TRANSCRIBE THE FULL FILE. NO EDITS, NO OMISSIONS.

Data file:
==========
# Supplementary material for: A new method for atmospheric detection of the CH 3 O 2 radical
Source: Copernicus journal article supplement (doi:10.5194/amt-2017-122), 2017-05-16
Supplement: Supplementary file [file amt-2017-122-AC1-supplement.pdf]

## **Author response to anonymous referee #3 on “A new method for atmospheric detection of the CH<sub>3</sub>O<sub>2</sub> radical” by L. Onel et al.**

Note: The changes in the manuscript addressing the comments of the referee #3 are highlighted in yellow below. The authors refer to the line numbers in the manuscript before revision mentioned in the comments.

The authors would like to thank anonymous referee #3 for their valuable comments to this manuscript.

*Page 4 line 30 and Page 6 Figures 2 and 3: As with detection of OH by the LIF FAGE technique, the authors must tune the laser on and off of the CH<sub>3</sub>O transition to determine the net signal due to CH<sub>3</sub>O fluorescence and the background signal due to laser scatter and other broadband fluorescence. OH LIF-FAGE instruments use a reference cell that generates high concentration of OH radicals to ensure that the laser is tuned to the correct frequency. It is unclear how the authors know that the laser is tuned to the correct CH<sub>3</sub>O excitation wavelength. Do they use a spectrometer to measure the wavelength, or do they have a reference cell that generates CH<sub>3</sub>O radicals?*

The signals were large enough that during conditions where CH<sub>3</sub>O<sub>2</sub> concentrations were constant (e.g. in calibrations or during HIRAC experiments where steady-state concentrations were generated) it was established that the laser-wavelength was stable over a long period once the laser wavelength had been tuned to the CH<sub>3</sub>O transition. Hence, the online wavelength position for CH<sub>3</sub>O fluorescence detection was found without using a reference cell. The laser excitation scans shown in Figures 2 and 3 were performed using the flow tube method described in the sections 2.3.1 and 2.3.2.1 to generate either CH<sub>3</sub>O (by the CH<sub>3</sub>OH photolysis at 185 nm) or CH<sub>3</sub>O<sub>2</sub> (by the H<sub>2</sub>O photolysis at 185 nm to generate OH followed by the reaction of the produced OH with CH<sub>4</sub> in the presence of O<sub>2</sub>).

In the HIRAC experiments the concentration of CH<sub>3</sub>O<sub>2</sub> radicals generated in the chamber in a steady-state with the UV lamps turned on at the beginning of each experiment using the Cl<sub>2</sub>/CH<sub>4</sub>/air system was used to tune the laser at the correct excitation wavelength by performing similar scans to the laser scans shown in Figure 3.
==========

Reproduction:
# Supplementary material for: A new method for atmospheric detection of the CH 3 O 2 radical
Source: Copernicus journal article supplement (doi:10.5194/amt-2017-122), 2017-05-16
Supplement: Supplementary file [file amt-2017-122-AC1-supplement.pdf]

## **Author response to anonymous referee #3 on “A new method for atmospheric detection of the CH<sub>3</sub>O<sub>2</sub> radical” by L. Onel et al.**

Note: The changes in the manuscript addressing the comments of the referee #3 are highlighted in yellow below. The authors refer to the line numbers in the manuscript before revision mentioned in the comments.

The authors would like to thank anonymous referee #3 for their valuable comments to this manuscript.

*Page 4 line 30 and Page 6 Figures 2 and 3: As with detection of OH by the LIF FAGE technique, the authors must tune the laser on and off of the CH<sub>3</sub>O transition to determine the net signal due to CH<sub>3</sub>O fluorescence and the background signal due to laser scatter and other broadband fluorescence. OH LIF-FAGE instruments use a reference cell that generates high concentration of OH radicals to ensure that the laser is tuned to the correct frequency. It is unclear how the authors know that the laser is tuned to the correct CH<sub>3</sub>O excitation wavelength. Do they use a spectrometer to measure the wavelength, or do they have a reference cell that generates CH<sub>3</sub>O radicals?*

The signals were large enough that during conditions where CH<sub>3</sub>O<sub>2</sub> concentrations were constant (e.g. in calibrations or during HIRAC experiments where steady-state concentrations were generated) it was established that the laser-wavelength was stable over a long period once the laser wavelength had been tuned to the CH<sub>3</sub>O transition. Hence, the online wavelength position for CH<sub>3</sub>O fluorescence detection was found without using a reference cell. The laser excitation scans shown in Figures 2 and 3 were performed using the flow tube method described in the sections 2.3.1 and 2.3.2.1 to generate either CH<sub>3</sub>O (by the CH<sub>3</sub>OH photolysis at 185 nm) or CH<sub>3</sub>O<sub>2</sub> (by the H<sub>2</sub>O photolysis at 185 nm to generate OH followed by the reaction of the produced OH with CH<sub>4</sub> in the presence of O<sub>2</sub>).

In the HIRAC experiments the concentration of CH<sub>3</sub>O<sub>2</sub> radicals generated in the chamber in a steady-state with the UV lamps turned on at the beginning of each experiment using the Cl<sub>2</sub>/CH<sub>4</sub>/air system was used to tune the laser at the correct excitation wavelength by performing similar scans to the laser scans shown in Figure 3.